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Home :: Archive :: 2004 :: January ::
Shakespeare Blacks and Jews
The Shakespeare Conference: SHK 15.0205  Tuesday, 27 January 2004

[1]     From:   Alberto Cacicedo <
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        Date:   Monday, 26 Jan 2004 10:52:04 -0500
        Subj:   Re: SHK 15.0193 Shakespeare Blacks and Jews

[2]     From:   D Bloom <
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        Date:   Mon, 26 Jan 2004 10:46:05 -0600
        Subj:   RE: SHK 15.0193 Shakespeare Blacks and Jews


[1]-----------------------------------------------------------------
From:           Alberto Cacicedo <
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Date:           Monday, 26 Jan 2004 10:52:04 -0500
Subject: 15.0193 Shakespeare Blacks and Jews
Comment:        Re: SHK 15.0193 Shakespeare Blacks and Jews

An old but interesting book on the subject of "Moors" in Shakespeare's
England is Samuel Chew's _The Crescent and the Rose: Islam and England
During the Renaissance_ (Oxford, 1937). Chew distinguishes among "white
Moors," "tawny Moors," and "black Moors." As I recall, he also affirms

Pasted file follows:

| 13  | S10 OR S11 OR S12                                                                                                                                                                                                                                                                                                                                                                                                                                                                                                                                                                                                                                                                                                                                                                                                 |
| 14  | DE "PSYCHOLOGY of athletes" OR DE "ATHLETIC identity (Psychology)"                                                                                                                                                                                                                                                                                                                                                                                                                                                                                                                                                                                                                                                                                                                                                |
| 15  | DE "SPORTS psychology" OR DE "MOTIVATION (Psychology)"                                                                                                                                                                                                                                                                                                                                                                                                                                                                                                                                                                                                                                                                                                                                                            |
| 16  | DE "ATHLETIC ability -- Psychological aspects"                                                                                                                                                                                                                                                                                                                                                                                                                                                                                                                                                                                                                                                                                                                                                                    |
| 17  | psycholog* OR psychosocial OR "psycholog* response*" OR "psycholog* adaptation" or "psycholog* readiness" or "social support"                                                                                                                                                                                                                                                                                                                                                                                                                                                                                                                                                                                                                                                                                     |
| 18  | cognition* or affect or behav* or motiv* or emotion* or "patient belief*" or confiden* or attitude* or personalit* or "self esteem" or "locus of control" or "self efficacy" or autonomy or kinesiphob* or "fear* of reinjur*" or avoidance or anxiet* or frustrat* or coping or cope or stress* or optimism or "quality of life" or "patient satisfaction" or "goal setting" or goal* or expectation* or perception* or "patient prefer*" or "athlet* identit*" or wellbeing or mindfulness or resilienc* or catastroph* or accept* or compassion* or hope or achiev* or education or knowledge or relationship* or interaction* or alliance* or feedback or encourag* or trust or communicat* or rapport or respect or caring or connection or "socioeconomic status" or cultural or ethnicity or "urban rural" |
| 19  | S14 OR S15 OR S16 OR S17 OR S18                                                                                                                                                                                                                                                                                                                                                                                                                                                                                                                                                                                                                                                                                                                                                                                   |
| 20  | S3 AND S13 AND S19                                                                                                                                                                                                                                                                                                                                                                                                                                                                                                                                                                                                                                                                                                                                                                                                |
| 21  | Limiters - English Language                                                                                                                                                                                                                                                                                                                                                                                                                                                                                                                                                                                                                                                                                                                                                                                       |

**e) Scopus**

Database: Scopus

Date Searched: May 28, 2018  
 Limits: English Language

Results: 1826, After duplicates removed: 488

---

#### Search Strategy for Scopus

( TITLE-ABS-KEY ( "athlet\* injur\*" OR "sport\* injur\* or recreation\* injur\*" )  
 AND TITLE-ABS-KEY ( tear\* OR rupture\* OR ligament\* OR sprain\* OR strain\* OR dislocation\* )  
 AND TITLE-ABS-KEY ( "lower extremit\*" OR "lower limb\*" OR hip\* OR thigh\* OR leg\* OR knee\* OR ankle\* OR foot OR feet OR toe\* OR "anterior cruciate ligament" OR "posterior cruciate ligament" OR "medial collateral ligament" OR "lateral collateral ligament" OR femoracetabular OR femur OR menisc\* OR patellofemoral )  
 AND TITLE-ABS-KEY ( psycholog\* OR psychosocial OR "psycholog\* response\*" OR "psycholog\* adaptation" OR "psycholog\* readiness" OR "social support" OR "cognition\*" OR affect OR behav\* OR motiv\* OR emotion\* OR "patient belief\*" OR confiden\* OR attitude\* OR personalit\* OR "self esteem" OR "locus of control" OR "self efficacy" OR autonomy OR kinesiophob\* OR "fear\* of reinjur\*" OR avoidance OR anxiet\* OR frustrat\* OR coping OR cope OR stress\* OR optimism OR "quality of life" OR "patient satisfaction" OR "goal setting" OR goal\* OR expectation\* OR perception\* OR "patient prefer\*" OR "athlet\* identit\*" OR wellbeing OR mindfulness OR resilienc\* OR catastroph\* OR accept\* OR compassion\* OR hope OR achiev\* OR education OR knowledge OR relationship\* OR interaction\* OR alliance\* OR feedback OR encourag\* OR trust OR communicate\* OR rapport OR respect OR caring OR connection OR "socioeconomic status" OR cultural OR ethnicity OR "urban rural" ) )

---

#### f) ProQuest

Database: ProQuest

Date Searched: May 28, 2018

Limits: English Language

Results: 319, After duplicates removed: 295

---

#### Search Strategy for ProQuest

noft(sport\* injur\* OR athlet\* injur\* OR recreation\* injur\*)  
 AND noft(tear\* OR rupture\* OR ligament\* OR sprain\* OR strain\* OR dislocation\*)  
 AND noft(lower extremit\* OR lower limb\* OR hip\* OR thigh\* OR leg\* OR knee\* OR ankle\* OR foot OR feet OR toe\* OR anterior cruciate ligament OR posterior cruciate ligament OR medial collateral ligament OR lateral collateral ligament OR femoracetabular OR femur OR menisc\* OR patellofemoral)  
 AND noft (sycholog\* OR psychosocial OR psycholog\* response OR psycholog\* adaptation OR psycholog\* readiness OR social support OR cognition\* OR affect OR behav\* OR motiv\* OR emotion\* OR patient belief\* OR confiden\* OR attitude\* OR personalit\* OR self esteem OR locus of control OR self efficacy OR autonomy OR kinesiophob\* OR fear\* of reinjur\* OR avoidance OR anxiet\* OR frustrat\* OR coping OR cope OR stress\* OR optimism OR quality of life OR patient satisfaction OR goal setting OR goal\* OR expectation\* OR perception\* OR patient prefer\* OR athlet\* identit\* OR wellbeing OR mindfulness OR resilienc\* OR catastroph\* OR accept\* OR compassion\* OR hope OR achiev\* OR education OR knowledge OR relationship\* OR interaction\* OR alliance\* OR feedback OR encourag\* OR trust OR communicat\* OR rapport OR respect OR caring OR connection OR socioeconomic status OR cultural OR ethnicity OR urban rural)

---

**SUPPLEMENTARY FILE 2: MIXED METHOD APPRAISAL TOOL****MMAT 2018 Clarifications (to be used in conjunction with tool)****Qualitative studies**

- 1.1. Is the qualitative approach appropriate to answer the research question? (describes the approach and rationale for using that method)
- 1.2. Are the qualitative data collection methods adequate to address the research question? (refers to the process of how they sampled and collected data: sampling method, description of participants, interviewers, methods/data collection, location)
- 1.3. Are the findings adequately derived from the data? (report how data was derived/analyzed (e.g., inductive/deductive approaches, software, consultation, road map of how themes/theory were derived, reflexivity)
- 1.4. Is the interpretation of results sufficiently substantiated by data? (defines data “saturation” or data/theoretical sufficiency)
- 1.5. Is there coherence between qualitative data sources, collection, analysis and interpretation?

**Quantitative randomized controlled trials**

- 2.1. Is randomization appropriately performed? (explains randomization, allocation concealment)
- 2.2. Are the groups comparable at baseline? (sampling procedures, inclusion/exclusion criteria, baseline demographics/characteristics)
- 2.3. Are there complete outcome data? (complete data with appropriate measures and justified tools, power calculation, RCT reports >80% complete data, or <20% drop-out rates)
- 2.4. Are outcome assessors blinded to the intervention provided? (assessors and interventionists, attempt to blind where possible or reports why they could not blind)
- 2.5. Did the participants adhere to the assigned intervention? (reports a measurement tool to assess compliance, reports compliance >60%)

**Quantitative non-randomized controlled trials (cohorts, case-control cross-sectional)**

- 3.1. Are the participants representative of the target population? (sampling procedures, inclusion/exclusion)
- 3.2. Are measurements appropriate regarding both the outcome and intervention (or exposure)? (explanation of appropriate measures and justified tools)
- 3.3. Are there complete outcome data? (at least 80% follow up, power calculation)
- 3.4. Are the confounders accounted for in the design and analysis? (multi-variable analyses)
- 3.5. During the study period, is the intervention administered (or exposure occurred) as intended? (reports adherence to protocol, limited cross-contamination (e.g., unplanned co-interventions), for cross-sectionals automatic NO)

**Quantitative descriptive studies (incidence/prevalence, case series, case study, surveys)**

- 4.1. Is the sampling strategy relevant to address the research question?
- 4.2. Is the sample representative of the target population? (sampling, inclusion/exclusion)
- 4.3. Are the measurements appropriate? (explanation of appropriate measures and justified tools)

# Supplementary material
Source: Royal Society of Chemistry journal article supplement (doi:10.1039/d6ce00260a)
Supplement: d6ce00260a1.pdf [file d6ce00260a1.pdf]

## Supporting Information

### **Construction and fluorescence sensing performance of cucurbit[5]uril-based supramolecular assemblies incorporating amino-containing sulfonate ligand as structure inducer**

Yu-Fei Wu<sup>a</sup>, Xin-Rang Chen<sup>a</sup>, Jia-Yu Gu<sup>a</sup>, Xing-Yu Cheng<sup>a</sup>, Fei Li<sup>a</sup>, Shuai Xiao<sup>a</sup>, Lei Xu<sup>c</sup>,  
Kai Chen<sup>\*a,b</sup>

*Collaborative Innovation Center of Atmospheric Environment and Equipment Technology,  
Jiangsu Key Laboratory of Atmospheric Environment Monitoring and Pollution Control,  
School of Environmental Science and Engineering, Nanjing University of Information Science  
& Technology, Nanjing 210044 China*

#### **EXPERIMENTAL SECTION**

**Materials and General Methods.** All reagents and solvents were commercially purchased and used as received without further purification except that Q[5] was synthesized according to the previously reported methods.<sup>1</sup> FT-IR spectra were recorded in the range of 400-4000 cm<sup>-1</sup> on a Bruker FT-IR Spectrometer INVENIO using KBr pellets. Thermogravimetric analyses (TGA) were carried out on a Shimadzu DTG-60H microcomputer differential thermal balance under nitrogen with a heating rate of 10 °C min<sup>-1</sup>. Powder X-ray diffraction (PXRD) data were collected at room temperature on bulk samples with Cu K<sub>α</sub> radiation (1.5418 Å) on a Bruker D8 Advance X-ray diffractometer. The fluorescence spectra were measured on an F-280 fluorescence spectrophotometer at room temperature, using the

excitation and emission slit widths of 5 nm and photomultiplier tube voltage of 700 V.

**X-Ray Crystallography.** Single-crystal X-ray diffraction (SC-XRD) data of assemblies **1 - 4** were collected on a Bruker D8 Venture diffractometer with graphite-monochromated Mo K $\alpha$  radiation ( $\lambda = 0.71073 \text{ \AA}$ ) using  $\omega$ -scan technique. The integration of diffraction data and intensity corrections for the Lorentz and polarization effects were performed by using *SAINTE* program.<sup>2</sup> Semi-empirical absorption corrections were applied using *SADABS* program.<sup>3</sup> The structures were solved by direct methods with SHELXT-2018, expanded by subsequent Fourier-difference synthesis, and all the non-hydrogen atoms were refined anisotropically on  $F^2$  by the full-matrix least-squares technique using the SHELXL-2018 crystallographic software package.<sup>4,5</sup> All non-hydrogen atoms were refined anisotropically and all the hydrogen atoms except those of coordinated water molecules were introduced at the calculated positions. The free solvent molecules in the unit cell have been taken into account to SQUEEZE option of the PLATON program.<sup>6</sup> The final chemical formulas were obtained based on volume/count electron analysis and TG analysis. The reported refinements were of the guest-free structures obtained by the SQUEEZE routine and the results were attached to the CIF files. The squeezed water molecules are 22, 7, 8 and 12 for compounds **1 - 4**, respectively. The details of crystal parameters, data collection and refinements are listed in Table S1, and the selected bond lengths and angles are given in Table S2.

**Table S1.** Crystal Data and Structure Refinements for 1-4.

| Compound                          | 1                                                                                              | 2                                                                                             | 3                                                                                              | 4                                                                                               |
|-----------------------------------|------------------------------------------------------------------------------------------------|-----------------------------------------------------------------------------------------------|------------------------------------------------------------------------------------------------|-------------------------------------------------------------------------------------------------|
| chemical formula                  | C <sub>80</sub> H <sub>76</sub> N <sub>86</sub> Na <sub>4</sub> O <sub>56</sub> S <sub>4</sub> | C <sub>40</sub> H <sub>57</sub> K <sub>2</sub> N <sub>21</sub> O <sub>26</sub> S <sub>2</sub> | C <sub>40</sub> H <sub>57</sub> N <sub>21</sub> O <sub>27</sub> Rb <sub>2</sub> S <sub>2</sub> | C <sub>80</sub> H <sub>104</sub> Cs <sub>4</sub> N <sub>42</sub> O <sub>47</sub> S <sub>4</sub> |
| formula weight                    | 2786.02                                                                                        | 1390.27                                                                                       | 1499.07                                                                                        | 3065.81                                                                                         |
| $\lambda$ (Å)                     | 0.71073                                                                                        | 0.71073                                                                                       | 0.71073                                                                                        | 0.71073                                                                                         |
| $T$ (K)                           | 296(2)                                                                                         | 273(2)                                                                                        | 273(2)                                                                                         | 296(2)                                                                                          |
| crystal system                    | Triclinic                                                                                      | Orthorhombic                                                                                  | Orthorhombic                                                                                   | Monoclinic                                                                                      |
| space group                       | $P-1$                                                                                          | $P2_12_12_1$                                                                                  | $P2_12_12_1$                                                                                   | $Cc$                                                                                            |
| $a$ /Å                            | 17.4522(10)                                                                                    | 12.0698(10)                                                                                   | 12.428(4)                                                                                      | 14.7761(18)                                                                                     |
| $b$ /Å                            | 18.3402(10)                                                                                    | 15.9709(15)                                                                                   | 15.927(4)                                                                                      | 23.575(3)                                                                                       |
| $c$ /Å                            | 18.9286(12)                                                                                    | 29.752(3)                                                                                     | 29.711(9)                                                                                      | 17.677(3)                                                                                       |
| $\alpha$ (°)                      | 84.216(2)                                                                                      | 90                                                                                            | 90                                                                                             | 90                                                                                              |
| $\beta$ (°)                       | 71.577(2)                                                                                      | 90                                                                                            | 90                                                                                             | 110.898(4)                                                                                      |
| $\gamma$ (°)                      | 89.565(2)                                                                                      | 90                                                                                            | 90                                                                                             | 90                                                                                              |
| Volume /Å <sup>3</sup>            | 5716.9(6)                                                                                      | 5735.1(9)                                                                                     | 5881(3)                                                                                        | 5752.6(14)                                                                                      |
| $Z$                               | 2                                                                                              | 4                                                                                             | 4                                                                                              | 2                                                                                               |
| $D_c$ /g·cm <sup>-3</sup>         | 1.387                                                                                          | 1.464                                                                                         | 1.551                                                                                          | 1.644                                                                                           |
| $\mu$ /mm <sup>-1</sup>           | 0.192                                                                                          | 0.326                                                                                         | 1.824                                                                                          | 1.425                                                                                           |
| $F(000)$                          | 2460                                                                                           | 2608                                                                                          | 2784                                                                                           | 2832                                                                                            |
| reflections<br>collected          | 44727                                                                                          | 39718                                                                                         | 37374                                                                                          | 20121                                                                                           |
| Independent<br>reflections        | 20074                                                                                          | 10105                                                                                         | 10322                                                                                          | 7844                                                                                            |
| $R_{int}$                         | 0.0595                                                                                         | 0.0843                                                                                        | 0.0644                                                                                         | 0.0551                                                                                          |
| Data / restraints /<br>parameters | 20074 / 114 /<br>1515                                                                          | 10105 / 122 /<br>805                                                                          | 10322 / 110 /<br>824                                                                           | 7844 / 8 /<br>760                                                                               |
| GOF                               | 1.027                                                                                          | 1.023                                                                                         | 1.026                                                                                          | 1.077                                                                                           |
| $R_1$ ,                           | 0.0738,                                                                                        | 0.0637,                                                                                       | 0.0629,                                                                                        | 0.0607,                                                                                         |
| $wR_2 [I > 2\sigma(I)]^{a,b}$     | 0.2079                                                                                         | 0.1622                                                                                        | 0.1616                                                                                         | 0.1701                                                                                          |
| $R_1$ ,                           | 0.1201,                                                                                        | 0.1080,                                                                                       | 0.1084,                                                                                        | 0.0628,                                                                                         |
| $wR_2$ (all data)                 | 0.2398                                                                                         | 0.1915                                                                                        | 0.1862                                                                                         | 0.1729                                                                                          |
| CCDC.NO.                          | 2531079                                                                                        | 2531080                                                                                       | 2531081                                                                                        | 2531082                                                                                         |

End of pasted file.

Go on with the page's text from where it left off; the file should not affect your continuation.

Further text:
that there are records of purchases made by a theatrical company for
costumes that distinguish among the three varieties of Moor.

[2]-------------------------------------------------------------
From:           D Bloom <
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Date:           Mon, 26 Jan 2004 10:46:05 -0600
Subject: 15.0193 Shakespeare Blacks and Jews
Comment:        RE: SHK 15.0193 Shakespeare Blacks and Jews

Colin Cox writes,

"Moro indeed refers to Arab or Berber and thus 'black' Moro refers to
central Africa around the old Congo."

Sorry, but I need a little more scholarly authority here. "Black" would
not necessarily mean black-skinned. Much more likely, it would refer to
someone black-haired -- as the number of people surnamed Black and Blake
indicates. The black Irish are not of Central African origin. And I
remember a line from an old ballad that goes, "Some say he's black but I
say he's bonny, my handsome, winsome Johnny." Or again, to take one of
many,

SHALLOW By the mass, I was called any thing; and I would
        have done any thing indeed too, and roundly too.
        There was I, and little John Doit of Staffordshire,
        and black George Barnes, and Francis Pickbone, and
        Will Squele, a Cotswold man; you had not four such
        swinge-bucklers in all the inns o' court again:

It seems to me that with the term "black moor "we're talking about a
redundancy used for emphasis, not something to give greater geographical
precision.

Cheers,
don

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